An immersive experience...
It goes without saying that Metroid is probably my favourite of Nintendo's classic franchises. The blend of platforming, shooting, exploration and strong science fiction aesthetic already make a compelling package, and the introduction of new mechanics over the course of the game keeps things interesting throughout. They also cater for two completely different playing styles: completionists have plenty to deal with and the games are an obvious favourite for the speedrunning community.
Anyway, I had been sitting on my copy of this for quite some time, so naturally I'm a little late to the party. However, fresh out completing a game that had been something of a large and horribly time-consuming disappointment, I felt like turning to something that I was almost certain I would like. Sound strategy, right?
Unfortunately, Metroid Prime really doesn't leave a good first impression. This is chiefly down to the controls. Because the action takes place in a first-person perspective, naturally you'd expect it to control like a FPS. Sadly that isn't the case, with the right stick (ironically known as “camera”) responsible for selecting weapons. The movement stick doesn't let you strafe by default, and looking up/down is done by holding the “R” trigger while using the left stick. It takes a lot of getting used to. Typical defences to this control method I've come across point to the notion that the game isn't really a FPS and therefore doesn't need to control like one, but I spent the first hour or so thinking how awesome it would be if it was.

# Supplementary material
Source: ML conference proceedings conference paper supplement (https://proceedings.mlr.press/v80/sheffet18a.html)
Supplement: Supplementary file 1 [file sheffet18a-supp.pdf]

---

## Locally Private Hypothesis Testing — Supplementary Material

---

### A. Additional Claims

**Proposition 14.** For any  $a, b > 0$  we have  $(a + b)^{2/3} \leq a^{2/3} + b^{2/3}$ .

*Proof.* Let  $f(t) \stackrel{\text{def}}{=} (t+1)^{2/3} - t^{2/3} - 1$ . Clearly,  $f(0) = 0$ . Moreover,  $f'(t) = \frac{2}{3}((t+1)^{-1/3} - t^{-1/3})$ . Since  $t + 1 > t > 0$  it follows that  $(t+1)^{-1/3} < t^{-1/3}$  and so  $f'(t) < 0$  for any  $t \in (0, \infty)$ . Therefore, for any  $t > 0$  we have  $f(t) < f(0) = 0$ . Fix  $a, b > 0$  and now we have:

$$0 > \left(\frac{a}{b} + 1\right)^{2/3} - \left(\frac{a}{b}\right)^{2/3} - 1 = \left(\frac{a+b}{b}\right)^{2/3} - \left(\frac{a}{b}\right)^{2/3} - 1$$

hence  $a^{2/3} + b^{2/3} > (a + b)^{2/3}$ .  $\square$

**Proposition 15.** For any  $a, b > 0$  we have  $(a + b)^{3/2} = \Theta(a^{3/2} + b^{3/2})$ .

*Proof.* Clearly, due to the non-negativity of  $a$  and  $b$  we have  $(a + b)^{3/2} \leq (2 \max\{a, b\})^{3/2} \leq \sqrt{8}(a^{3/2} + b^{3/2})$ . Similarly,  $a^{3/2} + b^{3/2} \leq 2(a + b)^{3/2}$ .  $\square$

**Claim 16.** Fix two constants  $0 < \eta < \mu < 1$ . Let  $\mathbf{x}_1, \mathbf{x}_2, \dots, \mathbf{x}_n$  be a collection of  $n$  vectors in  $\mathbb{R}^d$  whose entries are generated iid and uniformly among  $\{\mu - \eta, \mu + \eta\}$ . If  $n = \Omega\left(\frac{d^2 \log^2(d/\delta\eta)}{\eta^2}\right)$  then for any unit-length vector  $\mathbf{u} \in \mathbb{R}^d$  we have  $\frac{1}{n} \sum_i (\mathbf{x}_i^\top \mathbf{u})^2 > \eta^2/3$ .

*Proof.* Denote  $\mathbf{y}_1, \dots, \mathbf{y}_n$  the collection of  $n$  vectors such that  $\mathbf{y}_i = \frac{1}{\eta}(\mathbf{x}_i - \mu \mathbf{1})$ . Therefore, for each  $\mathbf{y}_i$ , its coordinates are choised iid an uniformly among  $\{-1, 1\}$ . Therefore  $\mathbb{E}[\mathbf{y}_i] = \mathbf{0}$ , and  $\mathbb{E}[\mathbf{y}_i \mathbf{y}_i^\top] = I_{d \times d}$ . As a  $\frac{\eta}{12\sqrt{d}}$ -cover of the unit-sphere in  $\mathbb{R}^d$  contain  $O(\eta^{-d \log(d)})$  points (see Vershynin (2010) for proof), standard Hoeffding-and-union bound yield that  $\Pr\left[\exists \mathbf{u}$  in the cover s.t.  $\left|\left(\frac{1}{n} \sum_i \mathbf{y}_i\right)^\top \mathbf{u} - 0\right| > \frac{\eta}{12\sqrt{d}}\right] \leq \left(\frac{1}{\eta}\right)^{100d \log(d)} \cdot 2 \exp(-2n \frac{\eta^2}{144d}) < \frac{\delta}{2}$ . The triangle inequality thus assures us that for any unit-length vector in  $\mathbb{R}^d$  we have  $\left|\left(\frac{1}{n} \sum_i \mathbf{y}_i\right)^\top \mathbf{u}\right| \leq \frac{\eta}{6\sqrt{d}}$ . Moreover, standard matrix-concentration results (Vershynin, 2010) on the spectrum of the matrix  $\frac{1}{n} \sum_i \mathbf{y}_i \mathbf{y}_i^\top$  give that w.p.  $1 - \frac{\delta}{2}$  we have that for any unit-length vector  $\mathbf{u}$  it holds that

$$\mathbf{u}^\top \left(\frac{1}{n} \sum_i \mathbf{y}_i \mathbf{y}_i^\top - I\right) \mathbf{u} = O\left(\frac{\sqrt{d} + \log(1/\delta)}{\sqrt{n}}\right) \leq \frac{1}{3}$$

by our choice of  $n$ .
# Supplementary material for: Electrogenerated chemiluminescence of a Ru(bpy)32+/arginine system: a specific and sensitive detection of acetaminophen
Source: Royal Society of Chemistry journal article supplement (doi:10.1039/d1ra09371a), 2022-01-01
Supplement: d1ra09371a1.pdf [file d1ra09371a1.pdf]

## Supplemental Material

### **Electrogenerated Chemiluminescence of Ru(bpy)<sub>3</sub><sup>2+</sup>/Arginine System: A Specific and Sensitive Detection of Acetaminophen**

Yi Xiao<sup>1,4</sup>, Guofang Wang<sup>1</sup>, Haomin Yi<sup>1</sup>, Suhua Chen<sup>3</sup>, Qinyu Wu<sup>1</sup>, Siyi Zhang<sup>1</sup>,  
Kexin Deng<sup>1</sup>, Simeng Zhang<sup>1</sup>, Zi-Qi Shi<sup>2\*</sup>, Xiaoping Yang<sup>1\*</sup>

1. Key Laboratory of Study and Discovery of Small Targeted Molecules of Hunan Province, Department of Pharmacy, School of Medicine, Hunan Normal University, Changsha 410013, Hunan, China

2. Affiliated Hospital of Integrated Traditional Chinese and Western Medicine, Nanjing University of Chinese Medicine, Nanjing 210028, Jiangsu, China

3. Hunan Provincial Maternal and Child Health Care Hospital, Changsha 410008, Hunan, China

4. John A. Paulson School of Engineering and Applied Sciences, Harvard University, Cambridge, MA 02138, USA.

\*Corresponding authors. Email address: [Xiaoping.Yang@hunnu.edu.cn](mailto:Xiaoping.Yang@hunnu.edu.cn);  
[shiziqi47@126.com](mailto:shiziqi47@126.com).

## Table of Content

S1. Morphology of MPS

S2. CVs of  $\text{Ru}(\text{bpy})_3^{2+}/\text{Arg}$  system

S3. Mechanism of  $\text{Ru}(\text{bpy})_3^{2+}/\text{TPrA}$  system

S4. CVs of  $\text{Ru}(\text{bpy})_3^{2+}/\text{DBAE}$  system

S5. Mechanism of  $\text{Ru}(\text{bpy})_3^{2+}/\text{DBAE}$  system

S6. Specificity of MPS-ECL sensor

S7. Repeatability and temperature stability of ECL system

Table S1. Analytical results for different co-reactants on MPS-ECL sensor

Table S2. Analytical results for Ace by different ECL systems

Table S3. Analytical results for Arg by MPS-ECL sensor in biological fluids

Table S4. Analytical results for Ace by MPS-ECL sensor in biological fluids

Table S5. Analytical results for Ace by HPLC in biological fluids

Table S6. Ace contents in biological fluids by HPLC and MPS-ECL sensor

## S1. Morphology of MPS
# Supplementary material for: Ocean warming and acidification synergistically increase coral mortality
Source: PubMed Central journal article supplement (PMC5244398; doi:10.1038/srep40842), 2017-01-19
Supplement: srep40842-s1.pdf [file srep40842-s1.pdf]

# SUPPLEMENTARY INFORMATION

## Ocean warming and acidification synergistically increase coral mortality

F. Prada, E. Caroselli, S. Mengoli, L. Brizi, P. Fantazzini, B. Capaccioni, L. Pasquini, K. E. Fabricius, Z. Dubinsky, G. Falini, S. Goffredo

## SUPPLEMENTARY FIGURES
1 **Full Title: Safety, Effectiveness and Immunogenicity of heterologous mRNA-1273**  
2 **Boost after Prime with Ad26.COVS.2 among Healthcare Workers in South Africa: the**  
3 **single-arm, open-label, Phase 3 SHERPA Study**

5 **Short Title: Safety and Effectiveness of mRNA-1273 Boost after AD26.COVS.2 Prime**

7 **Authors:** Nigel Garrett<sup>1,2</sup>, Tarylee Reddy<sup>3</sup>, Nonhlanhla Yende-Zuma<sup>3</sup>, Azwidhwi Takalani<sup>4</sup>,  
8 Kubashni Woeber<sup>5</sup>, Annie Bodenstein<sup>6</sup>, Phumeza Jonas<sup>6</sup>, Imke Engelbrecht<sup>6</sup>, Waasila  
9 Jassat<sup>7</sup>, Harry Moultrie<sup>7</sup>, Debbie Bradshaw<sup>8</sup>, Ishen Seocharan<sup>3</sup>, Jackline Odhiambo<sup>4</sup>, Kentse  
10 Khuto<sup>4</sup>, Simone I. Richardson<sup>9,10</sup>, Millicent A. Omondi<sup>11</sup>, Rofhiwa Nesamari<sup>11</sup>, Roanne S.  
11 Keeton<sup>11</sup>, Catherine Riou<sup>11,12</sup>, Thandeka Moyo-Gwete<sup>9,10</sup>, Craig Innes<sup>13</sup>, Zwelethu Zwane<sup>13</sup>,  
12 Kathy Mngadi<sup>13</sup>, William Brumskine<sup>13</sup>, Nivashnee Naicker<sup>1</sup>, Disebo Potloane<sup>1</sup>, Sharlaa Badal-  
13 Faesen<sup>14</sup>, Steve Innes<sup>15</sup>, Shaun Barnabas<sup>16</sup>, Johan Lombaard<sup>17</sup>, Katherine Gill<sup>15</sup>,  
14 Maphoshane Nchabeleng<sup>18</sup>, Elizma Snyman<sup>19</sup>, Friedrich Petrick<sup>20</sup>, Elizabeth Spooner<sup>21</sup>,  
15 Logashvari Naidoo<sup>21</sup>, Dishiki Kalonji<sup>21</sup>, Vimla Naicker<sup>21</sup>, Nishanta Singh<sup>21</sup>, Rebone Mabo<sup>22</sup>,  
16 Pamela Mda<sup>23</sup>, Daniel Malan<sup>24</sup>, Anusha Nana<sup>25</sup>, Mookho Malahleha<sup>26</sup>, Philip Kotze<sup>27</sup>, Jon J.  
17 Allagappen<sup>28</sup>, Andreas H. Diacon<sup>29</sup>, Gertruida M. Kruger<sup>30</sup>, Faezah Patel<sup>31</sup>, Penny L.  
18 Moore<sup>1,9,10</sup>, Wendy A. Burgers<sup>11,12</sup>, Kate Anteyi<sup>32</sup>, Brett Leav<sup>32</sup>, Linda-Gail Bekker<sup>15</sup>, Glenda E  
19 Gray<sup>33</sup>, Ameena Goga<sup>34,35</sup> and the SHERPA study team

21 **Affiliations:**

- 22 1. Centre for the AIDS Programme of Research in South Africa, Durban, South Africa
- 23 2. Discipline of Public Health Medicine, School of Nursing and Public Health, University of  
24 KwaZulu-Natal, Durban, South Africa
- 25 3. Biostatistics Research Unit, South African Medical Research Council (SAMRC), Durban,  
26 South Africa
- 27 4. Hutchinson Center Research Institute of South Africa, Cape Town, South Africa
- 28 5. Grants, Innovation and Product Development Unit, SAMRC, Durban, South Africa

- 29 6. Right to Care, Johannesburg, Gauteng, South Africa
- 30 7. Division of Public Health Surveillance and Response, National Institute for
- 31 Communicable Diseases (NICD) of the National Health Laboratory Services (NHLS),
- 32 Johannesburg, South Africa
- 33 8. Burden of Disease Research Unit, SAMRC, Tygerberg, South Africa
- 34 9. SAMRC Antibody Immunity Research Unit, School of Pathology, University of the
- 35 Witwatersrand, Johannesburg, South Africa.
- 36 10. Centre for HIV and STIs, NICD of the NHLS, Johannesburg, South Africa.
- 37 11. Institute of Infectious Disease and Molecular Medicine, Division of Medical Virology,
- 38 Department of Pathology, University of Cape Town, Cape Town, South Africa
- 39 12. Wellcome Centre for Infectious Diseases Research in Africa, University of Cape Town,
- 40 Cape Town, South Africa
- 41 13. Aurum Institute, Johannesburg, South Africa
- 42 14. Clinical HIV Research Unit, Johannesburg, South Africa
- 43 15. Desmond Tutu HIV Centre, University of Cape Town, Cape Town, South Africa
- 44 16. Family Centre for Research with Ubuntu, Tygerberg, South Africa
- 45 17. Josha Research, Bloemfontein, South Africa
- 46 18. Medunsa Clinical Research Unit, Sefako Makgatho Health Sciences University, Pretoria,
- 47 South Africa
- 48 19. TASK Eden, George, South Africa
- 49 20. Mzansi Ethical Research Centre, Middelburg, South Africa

Thankfully, the controls are something you eventually get used to, even if you're still hindered by them from time to time. The game uses a lock-on system in combat, which generally focuses on the enemy closest to the centre of the screen when you hold the “L” trigger and enables you to circle around an opponent as necessary. This ends up being fairly cumbersome when facing multiple enemies, since there isn't really a fluid method of switching targets whenever you need to focus on a specific enemy, and some creatures are able to disrupt your lock-on requiring you to centre them in the screen and depress and repress the trigger again. It's fair to say that combat isn't a strong point of this game, and I found it best to carefully clear out a room of any enemies in it before figuring out what I needed to do in there.
As with other Metroid games, the game has a heavy element of exploration to it, and you frequently retread areas with new abilities in order to find sections you couldn't access previously. The game offers a hint system telling you where to go on the map: I played most of the game with this switched off but found it useful in situations where my new abilities were supposed to be used in places that weren't immediately obvious or memorable, or in the very particular case where I went on vacation for a week and had completely forgotten what I was supposed to be doing. The exploration probably makes up the most compelling part of the experience, and unlocking new abilities feels gratifying when you remember specific locations where those skills need to be used without the game telling you so.